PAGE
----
Transit is my travel hack

PALO ALTO–I spent most of the last three days here in the middle of Silicon Valley at the Privacy Identity Innovation conference, with a side trip to San Francisco for a press dinner last night. And a car never figured into my plans.

Auto-awesomed Caltrain photoInstead, I took Caltrain up and down the peninsula, with one connection via a VTA bus and reasonable amount of walking. What do you think I was going to do, drop $100 and change on a rental car that would sit idle except for when it would have me sitting in the loathsome traffic of U.S. 101?

For the most part, that worked fine. My travel times were sometimes longer, but I could get work done on my laptop and then get some exercise on foot at either end. The one huge exception: Missing one southbound train from San Francisco meant I had to spend almost an extra hour in the city when I was dead tired and just wanted to get back to my hotel.

Even when the alternative is not renting a car but taking a taxi, the local rail or bus service has often been a better idea. Take Las Vegas–please. Between Vegas cabbies’ documented habit of “long hauling” passengers to run up the fare, the deliberate inefficiency of the one-person-per-car taxi line at McCarran, the ripoff $3 surcharge for paying with a credit card, and the militant opposition to Uber and other potential competitors, I’ve had more than enough reasons besides the non-trivial cost savings to begin acquainting myself with bus service there.

Vegas bus guidancePlus, there’s the perverse pride to be had in getting around car-free in a place not known for its transit service. (See also: taking the VTA light rail around Santa Clara County and taking Capital Metro’s Red Line in Austin.)

Yet I keep hearing things like “I don’t know how to take the bus” from other out-of-town types at these events when I mention my mode of transportation.

I understand: It can be intimidating getting on a large vehicle full of strangers when you’re not sure exactly where it’s going or how you’ll know when to get off. I remember the anxiety of trying to figure out Metro buses from a tiny map at a stop or on a brochure.

Fortunately, it’s the year 2014 and you no longer need to rely on printed documentation. Google Maps and Bing Maps both include transit directions, and Google’s even offer turn-by-turn navigation. As long as your phone has a charge and a signal, you cannot get lost. You can, however, win the satisfaction of unlocking the workings of a new and somewhat complex system–which is, as a tech journalist, is the kind of thing I’m supposed to be doing anyway.

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Halfway around the world in less than two weeks

I racked up 13,686 miles in the air over the last two weeks–with about 21 hours on the ground between each trip–and yet the experience didn’t physically destroy me as I expected. Color me pleasantly surprised.

Thinking of homeThe stage for this exercise in propping up the airline industry was set last January, when the wireless-industry group CTIA announced that it would consolidate its two annual conventions into one and run “Super Mobility Week” in Las Vegas right after IFA.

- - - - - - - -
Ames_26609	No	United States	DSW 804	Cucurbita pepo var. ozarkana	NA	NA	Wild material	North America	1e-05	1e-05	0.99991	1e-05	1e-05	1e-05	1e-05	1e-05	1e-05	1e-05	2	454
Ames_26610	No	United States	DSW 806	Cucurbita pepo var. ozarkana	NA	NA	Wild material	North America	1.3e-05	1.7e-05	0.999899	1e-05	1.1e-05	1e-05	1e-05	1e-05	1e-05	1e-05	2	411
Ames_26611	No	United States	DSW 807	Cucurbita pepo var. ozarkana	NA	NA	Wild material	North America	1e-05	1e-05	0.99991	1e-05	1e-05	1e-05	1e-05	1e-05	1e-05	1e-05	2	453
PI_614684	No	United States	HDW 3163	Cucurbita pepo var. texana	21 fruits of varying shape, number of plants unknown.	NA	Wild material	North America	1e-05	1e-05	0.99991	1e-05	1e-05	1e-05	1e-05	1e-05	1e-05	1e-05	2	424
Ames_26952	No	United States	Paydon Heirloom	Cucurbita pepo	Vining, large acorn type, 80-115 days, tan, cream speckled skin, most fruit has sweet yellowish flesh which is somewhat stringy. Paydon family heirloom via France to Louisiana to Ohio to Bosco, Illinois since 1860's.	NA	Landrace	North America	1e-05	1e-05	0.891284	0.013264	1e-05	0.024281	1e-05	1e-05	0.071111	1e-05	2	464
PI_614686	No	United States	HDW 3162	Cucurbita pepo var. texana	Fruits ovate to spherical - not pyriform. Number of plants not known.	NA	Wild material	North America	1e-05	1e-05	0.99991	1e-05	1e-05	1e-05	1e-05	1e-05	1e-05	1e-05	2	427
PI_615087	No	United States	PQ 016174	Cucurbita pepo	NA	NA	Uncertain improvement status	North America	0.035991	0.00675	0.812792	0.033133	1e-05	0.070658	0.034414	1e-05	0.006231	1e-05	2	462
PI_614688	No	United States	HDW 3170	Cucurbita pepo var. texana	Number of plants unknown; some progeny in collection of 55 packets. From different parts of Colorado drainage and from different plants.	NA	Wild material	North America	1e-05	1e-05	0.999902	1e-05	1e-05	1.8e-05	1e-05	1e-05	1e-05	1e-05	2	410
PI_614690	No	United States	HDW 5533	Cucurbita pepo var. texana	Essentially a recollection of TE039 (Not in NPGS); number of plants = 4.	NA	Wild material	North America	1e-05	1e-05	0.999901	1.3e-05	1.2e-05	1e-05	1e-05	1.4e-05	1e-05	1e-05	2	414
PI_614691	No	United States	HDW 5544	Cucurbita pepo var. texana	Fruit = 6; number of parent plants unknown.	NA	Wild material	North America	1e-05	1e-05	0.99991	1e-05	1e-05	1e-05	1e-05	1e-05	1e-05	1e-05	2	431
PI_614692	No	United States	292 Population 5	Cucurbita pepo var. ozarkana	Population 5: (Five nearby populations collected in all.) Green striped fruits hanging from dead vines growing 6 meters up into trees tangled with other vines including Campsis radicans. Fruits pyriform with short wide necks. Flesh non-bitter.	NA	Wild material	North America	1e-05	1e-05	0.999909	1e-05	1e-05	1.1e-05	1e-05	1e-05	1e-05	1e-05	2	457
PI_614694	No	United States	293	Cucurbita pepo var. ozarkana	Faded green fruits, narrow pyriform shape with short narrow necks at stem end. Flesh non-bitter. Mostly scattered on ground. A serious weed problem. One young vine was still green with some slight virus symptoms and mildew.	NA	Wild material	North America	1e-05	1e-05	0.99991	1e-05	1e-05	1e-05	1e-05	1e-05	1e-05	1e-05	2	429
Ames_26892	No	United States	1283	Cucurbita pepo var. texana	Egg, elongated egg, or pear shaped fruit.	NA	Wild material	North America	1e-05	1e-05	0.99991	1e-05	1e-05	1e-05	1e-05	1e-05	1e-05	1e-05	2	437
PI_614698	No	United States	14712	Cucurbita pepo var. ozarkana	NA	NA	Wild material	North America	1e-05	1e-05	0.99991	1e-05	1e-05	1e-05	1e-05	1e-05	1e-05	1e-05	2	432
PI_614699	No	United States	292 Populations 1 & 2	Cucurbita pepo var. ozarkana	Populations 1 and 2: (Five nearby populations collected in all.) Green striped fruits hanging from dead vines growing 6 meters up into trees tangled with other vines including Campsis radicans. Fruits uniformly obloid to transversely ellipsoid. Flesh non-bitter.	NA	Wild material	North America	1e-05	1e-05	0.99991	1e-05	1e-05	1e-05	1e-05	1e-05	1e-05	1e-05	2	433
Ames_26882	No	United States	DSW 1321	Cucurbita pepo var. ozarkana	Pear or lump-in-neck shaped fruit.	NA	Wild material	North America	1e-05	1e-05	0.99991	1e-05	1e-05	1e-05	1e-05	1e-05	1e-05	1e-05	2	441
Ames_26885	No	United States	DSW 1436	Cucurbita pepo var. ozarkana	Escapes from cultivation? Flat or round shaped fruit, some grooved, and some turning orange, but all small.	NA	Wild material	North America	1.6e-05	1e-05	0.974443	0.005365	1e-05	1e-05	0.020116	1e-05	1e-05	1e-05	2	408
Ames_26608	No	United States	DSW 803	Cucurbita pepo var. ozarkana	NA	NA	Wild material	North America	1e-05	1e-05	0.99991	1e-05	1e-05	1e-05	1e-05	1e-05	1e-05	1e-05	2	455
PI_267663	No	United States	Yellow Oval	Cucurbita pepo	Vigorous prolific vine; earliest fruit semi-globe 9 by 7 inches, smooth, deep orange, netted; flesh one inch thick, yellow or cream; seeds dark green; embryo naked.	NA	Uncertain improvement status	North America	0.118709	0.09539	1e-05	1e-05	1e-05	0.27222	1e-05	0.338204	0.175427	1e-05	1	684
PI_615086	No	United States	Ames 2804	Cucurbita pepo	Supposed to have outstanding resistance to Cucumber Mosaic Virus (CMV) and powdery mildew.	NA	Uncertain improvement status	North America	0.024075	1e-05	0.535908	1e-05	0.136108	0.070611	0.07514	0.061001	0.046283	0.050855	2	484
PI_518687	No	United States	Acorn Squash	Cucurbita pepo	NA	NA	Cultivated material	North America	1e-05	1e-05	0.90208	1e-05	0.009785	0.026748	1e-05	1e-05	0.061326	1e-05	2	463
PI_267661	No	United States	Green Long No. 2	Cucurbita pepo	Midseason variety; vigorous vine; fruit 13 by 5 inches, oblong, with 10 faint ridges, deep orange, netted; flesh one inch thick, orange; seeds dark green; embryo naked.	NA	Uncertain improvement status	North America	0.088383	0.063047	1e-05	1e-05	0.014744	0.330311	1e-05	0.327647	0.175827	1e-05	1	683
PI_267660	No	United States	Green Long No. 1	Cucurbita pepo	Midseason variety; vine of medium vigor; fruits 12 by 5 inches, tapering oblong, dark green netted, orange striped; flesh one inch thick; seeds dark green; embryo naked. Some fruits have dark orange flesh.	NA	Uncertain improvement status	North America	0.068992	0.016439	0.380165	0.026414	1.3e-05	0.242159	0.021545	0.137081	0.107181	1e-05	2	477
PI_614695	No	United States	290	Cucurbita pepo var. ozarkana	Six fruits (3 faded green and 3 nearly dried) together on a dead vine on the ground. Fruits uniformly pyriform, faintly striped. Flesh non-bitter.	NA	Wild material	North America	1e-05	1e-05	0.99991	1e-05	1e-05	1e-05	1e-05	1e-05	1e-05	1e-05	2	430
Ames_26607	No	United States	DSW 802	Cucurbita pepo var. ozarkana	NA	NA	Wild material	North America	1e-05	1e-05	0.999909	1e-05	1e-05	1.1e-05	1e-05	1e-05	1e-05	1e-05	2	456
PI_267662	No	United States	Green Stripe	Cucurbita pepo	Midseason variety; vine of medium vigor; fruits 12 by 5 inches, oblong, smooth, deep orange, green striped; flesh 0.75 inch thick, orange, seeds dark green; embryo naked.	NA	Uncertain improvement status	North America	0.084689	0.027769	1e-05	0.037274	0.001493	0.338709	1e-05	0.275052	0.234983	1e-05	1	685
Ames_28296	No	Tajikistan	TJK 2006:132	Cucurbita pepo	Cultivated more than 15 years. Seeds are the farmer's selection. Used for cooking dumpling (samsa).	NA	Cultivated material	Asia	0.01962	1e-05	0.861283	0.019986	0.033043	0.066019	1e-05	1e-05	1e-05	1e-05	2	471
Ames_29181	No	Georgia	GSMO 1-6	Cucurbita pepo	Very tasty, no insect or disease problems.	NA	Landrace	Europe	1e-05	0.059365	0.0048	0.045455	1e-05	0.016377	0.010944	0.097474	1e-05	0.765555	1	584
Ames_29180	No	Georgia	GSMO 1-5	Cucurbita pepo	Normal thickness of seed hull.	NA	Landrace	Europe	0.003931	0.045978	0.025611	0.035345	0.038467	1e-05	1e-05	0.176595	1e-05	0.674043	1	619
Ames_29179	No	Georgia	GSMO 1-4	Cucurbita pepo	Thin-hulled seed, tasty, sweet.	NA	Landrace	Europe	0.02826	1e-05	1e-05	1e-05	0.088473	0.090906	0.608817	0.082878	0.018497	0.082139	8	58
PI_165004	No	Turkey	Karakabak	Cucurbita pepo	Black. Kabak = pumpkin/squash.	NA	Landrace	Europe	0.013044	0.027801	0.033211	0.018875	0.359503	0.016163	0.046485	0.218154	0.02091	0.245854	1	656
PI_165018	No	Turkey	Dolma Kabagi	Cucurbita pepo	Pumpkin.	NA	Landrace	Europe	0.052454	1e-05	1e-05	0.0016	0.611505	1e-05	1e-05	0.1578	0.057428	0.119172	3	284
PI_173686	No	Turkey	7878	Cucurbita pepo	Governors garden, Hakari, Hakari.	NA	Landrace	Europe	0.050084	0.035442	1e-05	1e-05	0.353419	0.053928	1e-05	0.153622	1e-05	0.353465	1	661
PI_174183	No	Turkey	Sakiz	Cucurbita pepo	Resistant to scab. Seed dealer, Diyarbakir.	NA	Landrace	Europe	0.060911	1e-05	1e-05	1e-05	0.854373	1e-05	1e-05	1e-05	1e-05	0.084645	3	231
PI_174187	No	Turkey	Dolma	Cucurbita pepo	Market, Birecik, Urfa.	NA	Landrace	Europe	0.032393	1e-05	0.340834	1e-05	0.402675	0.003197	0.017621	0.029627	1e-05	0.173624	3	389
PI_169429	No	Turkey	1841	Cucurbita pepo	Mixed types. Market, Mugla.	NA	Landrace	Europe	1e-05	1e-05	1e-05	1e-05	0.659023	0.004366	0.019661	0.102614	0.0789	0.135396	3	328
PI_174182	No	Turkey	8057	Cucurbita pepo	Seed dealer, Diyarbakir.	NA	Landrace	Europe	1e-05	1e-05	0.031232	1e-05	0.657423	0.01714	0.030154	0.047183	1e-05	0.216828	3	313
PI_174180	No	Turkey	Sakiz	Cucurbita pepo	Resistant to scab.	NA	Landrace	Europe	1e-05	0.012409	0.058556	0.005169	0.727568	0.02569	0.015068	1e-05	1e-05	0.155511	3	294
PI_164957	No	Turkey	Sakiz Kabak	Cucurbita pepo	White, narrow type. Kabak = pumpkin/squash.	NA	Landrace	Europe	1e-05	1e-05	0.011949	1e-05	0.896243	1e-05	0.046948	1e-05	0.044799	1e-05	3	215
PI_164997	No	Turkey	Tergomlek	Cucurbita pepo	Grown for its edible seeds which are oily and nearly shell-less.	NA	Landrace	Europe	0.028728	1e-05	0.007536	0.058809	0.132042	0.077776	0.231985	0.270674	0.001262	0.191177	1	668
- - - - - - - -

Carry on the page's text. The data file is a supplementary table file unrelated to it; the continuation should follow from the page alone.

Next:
I tried not to think about the scheduling until this summer, and then I gulped and booked my tickets: Dulles to Berlin via Munich and returning through Heathrow, then National to Houston to Vegas and back.

The flying was actually pretty good. The perhaps embarrassing amount of time and money I’ve spent on United paid off when I could use an upgrade certificate to fly across the Atlantic in business class on a flight going as far east into Europe as feasible.

Not to sound like every other travel blogger, but the lie-flat seat really is one of commercial aviation’s better inventions. I slept sufficiently well on the way to Munich that on waking, I momentarily wondered where I was. That rest, followed by being able to shower and change out of slept-in clothes at Lufthansa’s lounge in Munich, helped me feel human again sooner than usual; instead of napping that afternoon in Berlin, I wrote an extra column for Yahoo about Apple’s iCloud security breach.

I almost fell asleep at dinner that evening and then had one obnoxious night when I woke up at 3 or 4 a.m. and couldn’t get back to sleep for another hour or two, but that was about the end of my adaptation to Central European Time. And then an exceedingly rare, free “operational upgrade” at the gate bumped me from an oversold economy section into business class for the return. (Thanks, United!)

Even with a great nap on the way home, I could barely type a sentence in one try by the time I fell asleep in my own bed after 11 p.m. that night–5 a.m. CET. But I zonked out for seven hours straight, woke up feeling fine, walked our daughter to her pre-school (a big reason why I didn’t book a direct but early flight to Vegas), did a few chores and then headed off to the airport.

I was a bit of a zombie on the first flight, but from then on the jet lag was only slightly worse than on any other trip to the West Coast.

Flying home on Sept. 11So apparently I can function on that kind of schedule.

But over the last two weeks, no amount of frequent-flyer travel hacking could stop a lot of things from slipping. Back at home, the lawn grew untidy and the vegetable garden became a mess. I couldn’t use my ticket to an exciting Nats game.